Indeed, the blinking properties of the fluorochrome pair is not the only great advantage of this medium: Specimens treated with Vectashield®/Glycerol-TRIS can be stored for months at 4 °C without any loss of their excellent blinking properties (Figure 6).
Drawbacks like its relatively strong autofluorescence and resultant background, especially in the 532 nm laser range, can be diminished by mixing Vectashield® with a buffer containing glycerol and 50 mM TRIS pH 8 at a ratio of 1:10 . The so-called backpumping laser with 405 nm wavelength, which is used to augment the number of fluorescent cycles of the fluorophore, is not usually required for either AlexaFluor®647 or AlexaFluor®555 because of their excellent blinking properties in Vectashield®. This also prevents background formation.
In our further studies to identify other suitable fluorophores, we found, interestingly, an acceptable blinking performance of the fluorescent protein EYFP comparable to the performance in glucose-oxidase-mixture.
Unfortunately, we were not able to find other fluorophores, especially not in the 488 nm range, where AlexaFluor®488 and Atto®488 did not show the expected blinking performance. Regarding the great number of still untested candidates and the increasing number of fluorophores which are specially designed for super-resolution microscopy, the drawback of a limited number of fluorophores will certainly be diminished in the future. As in the case of MEA, the list of blinking fluorophores in combination with Vectashield® is sure to grow with time and ongoing testing.
Tab. 1: Verified fluorophores (also compare Olivier et al. ). The listed fluorophores were tested by immunostaining of ATP5B and αTubulin in COS-7 cells embedded in Vectashield®/Glycerol-TRIS (1:10). Their blinking behavior was evaluated with the Leica SR GSD 3D system.
Fig. 4: Comparison of single-frame images of MEA and Vectashield®/Glycerol-TRIS embedded specimens. Single-frame images of the list of events of AlexaFluor®488 stained ATB5B specimens in 100 mM MEA in PBS pH 7.4 (A) and AlexaFluor®555 stained ATB5B specimens in 1:10 Vectashield®/Glycerol-TRIS (B). Compared to (A), AlexaFluor®555 in Vectashield®/Glycerol-TRIS (B) exhibits a high number of bright and distinct, non-overlapping blinking events. This is a precondition for a high localization precision.
5A: GSD (right)/Widefield (left) Comparison
5B: GSD (left)/Widefield (right) Comparison
Fig. 5: 3D GSDIM high-resolution image – dual staining of mitochondria and microtubules. COS-7 cells were stained against αTubulin and ATP5B with AlexaFluor®647 and AlexaFluor®555 respectively. The specimens were embedded in Vectashield®/Glycerol-TRIS. Comparison of GSDIM and deconvoluted widefield 3D stacks. Microtubules (αTubulin) are displayed in green and mitochondria (ATP5B) in red.
Fig. 6: 3D high-resolution image comparison: fresh (A) vs. two months old (B) specimen. (A) 3D GSDIM images of microtubules in green and mitochondria in red or in false color code respectively, indicating the z-position. As in Figure 5, the specimens were embedded in Vectashield/Glycerol-TRIS. (B) The specimens used in Figure 5 and Figure 6A were stored for two months at 4 °C and then imaged again, still embedded in Vectashield®/Glycerol-TRIS.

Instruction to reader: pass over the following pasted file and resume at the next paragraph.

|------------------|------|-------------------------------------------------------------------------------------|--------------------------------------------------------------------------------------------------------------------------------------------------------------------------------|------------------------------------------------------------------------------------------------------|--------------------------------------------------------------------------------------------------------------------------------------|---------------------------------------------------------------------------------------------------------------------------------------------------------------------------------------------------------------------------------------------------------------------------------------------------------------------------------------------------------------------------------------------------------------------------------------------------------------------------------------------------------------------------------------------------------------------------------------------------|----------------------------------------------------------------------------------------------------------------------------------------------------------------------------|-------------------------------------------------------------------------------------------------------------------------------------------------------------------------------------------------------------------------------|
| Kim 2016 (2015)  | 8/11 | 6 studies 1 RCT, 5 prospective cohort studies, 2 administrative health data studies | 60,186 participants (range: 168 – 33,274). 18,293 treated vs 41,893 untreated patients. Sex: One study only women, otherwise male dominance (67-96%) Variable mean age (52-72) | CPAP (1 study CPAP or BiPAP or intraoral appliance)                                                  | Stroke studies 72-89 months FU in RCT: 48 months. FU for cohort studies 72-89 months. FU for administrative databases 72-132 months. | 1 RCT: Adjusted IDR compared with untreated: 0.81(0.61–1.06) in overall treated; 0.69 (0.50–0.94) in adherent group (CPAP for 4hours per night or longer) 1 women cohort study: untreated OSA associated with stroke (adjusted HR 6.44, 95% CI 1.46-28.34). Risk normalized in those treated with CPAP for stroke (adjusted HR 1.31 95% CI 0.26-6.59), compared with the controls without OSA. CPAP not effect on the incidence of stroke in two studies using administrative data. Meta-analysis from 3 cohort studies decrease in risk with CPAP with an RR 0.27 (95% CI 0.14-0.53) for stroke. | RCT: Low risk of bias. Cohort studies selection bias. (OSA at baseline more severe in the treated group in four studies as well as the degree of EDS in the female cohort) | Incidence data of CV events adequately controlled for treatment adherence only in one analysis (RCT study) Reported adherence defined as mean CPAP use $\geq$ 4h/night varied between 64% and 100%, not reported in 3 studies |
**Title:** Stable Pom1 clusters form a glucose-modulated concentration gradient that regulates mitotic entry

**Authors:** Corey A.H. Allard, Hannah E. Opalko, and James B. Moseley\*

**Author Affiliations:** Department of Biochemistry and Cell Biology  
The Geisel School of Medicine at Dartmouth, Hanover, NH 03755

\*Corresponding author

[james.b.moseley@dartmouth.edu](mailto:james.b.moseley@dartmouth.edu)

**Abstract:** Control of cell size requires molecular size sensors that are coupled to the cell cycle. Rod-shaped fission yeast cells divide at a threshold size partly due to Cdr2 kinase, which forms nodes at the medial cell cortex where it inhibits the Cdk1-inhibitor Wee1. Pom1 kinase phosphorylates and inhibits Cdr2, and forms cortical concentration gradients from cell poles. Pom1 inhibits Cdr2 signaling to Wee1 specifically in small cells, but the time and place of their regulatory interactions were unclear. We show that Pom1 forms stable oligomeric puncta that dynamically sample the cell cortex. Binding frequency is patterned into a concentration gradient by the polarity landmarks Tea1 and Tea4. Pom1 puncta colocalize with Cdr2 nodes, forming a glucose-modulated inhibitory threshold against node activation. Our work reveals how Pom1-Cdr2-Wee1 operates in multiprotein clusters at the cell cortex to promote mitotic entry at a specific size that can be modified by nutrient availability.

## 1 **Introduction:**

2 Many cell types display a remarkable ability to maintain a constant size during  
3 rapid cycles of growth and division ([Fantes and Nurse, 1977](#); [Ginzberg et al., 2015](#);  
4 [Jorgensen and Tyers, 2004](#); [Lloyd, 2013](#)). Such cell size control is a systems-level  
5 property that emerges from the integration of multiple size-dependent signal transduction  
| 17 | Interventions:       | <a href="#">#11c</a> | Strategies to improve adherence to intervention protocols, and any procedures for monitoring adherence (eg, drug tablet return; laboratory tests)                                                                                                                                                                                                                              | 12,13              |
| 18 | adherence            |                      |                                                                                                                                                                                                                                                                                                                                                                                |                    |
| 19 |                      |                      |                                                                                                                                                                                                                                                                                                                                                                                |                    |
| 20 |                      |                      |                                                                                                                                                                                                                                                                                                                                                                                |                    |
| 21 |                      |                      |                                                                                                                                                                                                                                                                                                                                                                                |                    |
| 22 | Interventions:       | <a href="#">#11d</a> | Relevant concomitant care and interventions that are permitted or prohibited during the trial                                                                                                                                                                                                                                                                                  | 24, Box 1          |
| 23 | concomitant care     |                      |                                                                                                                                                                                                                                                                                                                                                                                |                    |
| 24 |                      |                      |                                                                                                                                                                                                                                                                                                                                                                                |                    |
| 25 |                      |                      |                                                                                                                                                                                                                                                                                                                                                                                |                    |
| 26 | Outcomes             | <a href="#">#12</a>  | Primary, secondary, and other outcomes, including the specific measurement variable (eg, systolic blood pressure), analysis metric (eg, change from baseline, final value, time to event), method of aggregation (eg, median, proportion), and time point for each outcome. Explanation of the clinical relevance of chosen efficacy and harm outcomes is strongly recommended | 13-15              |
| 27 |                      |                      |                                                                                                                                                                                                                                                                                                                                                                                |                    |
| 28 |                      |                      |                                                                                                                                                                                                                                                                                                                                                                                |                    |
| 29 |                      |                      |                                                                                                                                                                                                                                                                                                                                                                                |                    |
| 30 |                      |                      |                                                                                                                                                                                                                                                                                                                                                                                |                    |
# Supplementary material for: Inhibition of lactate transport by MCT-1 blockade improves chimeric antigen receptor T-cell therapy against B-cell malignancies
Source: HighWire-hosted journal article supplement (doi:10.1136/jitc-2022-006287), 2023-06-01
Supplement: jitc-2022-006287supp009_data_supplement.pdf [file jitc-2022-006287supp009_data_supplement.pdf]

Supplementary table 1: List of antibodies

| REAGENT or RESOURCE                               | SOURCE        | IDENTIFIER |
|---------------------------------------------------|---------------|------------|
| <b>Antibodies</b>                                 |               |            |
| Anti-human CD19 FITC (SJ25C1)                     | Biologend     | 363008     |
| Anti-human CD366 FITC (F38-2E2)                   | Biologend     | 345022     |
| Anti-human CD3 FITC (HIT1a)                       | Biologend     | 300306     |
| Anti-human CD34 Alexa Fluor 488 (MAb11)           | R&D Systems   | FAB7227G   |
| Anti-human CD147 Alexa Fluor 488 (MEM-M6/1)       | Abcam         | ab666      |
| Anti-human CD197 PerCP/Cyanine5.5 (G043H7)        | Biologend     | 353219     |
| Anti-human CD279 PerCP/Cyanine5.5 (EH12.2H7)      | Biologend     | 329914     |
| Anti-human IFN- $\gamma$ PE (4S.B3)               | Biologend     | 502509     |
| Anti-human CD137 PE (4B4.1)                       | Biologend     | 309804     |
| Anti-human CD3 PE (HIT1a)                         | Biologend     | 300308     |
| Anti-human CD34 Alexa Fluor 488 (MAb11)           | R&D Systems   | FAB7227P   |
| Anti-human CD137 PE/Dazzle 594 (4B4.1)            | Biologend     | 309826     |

COS-7 cells were cultured for one day on precision coverslips (Marienfeld-Superior™) and then fixed with ice-cold methanol. After a block with PBS containing 1 % milk powder for 1 h, cells were incubated for 2 h with the primary antibodies directed against ATP5B (Santa Cruz™) and α-Tubulin (Sigma™) in a ratio of 1:100 in PBS/milk powder. To label the primary antibodies with AlexaFluor®647 or AlexaFluor®555 respectively, secondary antibodies were incubated for 1 h in a dilution of 1:200 in PBS. Each step except the block with milk powder was accompanied by four washing steps with PBS.
As depicted in Figure 7, cells were embedded in Vectashield®/Glycerol-TRIS-buffer (Vectashield® and Glycerol-TRIS-buffer in a 1:10 ratio; glycerol with 50 mM TRIS pH 8) as follows: 75–100 µL medium was placed upon the cavity of the depression slide. Then the coverslip was positioned on the depression slide with the cells facing the medium and the depression. In this step it is important to avoid any air bubbles. An excess of medium has to be removed by filter paper to ensure that the two-component silicone Twinsil® is able to dry correctly. The yellow and blue components of Twinsil® were mixed 1:1 and then applied to the edges of the coverslip. After 10 minutes, the silicone was hardened and the specimen was ready for GSDIM imaging.
Breaking the diffraction barrier by regional or temporal separation of single fluorescent events has revolutionized light microscopy. In the future, there will be no more resolution constraints due to the diffraction limit, but the development of microscopes with ever-decreasing limits in resolution reveals new challenges such as labeling or embedding media in the case of GSDIM microscopy. As mentioned earlier, the critical step in all super-resolution methods is to get fluorophores on the dark side, which is the basis for good localization precision. In GSDIM microscopy, this process is mainly influenced by the presence of the embedding medium. Here, the interplay between the embedding medium and the properties of the fluorophore is the decisive factor for successful high-resolution imaging.
Nowadays, we have powerful fluorophore pairings like AlexaFluor®647 and AlexaFluor®488 in MEA or AlexaFluor®647 and AlexaFluor®555 in Vectashield®/Glycerol-TRIS which allow the acquisition of impressive 3D super-resolution images in two colors. In the near future our repertoire of efficient fluorophores in combination with the embedding medium Vectashield® is sure to be expanded by ongoing tests and practical experience. Together with other high-resolution techniques like STED microscopy, this will give us a completely new view of cellular life and its biochemical regulation.